The median cost of a private nursing home room in the United States has increased slightly to $92,378 a year, up 1.24 percent from 2015, according to Genworth’s 2016 Cost of Care survey, which the insurer conducts annually. Genworth reports that the median cost of a semi-private room in a nursing home is $82,125, up 2.27 percent from 2015. The rise in prices is modest compared to the 4.2 percent and 3.8 percent gains, respectively, in 2015.
The price rise was even lower for assisted living facilities, where the median rate ticked up only .78 percent, to $3,628 a month. The national median rate for the services of a home health aide was $20 an hour, the same rate as 2015, and the cost of adult day care, which provides support services in a protective setting during part of the day, actually fell from $69 to $68 a day.
Alaska continues to be the costliest state for nursing home care, with the median annual cost of a private nursing home room totaling $297,840. Oklahoma again was found to be the most affordable state, with a median annual cost of a private room of $60,225, which did not increase in 2016.
While prices may not have increased drastically from last year, the survey found that Americans underestimate the cost of long-term care by almost 50 percent. In particular four out of five adults underestimate the cost of home health care. For more information, click here.
The 2016 survey was based on responses from more than 15,000 nursing homes, assisted living facilities, adult day health facilities and home care providers. The survey was conducted by phone during January and February of 2016.
For more on Genworth’s 2016 Cost of Care Survey, including costs for your state, click here.
For more articles on senior living, including alternatives to nursing homes.
Saying that there has been “undue influence” is often used as a reason to contest a will or estate plan, but what does it mean?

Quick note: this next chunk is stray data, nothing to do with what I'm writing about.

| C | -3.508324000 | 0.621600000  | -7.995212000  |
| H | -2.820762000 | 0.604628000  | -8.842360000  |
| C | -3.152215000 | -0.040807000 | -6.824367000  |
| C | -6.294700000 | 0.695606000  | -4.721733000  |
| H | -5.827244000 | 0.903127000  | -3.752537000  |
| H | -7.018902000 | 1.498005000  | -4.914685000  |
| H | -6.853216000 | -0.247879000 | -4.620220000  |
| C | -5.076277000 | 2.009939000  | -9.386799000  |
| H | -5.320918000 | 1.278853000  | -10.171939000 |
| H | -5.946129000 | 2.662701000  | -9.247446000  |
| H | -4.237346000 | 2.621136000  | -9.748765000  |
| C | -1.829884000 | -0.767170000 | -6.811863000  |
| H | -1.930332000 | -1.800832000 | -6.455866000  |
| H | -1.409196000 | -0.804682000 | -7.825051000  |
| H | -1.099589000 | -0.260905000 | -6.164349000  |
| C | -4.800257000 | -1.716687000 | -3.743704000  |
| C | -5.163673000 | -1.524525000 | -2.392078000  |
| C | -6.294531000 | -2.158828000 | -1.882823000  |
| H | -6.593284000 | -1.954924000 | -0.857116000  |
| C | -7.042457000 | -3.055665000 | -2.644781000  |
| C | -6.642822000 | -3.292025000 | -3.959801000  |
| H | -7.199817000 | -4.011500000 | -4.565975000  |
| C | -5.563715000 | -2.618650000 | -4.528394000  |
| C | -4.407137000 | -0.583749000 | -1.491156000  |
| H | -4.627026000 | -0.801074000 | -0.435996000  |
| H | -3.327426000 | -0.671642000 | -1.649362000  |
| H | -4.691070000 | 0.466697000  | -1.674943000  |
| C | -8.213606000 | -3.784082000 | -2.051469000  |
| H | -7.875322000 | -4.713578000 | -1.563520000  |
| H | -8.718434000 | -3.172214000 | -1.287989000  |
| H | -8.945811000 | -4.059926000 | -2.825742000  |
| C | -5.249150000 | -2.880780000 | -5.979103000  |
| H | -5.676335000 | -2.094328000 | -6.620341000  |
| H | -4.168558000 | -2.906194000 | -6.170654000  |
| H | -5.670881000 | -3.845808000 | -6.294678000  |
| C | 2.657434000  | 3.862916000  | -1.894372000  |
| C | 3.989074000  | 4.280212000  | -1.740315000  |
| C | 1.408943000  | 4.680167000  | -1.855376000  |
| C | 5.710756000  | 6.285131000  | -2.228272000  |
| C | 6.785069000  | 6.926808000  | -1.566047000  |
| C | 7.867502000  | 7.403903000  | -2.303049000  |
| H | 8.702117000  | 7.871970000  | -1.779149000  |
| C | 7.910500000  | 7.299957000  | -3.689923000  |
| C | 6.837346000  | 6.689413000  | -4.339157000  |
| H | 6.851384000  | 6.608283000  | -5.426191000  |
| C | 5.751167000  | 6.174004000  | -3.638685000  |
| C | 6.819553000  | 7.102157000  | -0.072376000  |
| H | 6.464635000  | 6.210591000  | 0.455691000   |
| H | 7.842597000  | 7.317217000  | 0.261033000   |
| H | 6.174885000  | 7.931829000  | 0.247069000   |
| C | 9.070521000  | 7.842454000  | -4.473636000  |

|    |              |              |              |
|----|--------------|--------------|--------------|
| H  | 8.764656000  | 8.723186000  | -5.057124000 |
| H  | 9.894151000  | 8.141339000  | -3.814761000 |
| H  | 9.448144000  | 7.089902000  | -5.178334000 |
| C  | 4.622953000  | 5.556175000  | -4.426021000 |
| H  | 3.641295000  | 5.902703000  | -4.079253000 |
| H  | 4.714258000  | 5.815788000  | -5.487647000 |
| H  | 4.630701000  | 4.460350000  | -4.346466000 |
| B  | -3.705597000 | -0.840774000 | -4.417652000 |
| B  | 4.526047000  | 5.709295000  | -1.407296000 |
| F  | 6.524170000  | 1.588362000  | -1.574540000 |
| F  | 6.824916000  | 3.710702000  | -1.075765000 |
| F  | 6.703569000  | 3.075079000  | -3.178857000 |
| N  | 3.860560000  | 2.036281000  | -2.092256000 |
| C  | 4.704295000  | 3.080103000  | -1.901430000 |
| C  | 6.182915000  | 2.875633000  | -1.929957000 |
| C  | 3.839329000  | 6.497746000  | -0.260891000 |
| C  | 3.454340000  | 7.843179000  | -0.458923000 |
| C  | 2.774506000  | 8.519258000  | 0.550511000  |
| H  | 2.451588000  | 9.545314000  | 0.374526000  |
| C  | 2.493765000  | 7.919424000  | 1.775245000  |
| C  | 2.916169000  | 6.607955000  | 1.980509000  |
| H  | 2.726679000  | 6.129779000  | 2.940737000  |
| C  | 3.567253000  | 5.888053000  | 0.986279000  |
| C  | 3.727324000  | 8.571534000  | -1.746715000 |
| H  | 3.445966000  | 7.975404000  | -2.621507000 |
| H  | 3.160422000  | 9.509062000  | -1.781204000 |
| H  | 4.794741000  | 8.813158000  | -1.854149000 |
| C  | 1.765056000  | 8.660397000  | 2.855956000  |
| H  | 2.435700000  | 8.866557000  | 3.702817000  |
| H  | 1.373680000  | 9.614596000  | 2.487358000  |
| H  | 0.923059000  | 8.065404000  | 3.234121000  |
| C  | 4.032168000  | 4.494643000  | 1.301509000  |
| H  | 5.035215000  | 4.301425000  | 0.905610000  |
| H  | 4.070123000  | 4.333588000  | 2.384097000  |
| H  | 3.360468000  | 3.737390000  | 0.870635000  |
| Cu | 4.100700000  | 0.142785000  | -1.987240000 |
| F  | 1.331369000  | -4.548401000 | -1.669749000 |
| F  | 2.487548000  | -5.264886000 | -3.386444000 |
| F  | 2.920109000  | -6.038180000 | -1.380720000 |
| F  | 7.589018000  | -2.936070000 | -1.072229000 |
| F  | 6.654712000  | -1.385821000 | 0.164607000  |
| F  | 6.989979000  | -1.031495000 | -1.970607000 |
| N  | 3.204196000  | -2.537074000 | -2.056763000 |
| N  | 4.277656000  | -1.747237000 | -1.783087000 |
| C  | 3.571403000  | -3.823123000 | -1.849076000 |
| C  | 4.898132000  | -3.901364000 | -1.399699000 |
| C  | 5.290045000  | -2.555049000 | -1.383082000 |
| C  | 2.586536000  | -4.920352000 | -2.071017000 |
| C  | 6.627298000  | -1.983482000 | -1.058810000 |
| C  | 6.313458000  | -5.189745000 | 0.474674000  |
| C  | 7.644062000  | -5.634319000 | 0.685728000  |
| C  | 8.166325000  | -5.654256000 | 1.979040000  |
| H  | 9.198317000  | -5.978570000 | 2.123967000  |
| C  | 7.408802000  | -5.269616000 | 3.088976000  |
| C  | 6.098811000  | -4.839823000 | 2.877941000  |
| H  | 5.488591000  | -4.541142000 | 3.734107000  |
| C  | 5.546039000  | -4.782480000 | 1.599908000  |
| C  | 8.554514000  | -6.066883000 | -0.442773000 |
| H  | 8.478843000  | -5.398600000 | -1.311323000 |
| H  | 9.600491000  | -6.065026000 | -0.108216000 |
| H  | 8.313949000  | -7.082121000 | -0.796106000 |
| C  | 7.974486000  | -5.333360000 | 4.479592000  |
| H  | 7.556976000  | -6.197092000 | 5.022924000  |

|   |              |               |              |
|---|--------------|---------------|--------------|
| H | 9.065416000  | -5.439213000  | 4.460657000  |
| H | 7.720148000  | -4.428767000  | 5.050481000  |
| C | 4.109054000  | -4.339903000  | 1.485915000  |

Undue influence occurs when someone exerts pressure on an individual, causing that individual to act contrary to his or her wishes and to the benefit of the influencer or the influencer’s friends. The pressure can take the form of deception, harassment, threats, or isolation. Often the influencer separates the individual from their loved ones in order to coerce. The elderly and infirm are usually more susceptible to undue influence.
To prove a loved one was subject to undue influence in drafting an estate plan, you have to show that the loved one disposed of his or her property in a way that was unexpected under the circumstances, that he or she is susceptible to undue influence (because of illness, age, frailty, or a special relationship with the influencer), and that the person who exerted the influence had the opportunity to do so. Generally, the burden of proving undue influence is on the person asserting undue influence. However, if the alleged influencer had a fiduciary relationship with your loved one, the burden may be on the influencer to prove that there was no undue influence. People who have a fiduciary relationship can include a child, a spouse, or an agent under a power of attorney. For more information on contesting a will, go here.
When drawing up a will or estate plan, it is important to avoid even the appearance of undue influence. For example, if you are planning on leaving everything to your daughter who is also your primary caregiver, your other children may argue that your daughter took advantage of her position to influence you. To avoid the appearance of undue influence, do not involve any family members who are inheriting under your will in drafting your will. Family members should not be present when you discuss the will with your attorney or when you sign it. To be totally safe, family members shouldn’t even drive or accompany you to the attorney’s office. You can also get a formal assessment of your mental capabilities done by a medical professional before you draft estate planning documents. For more information on preventing a will contest, go here.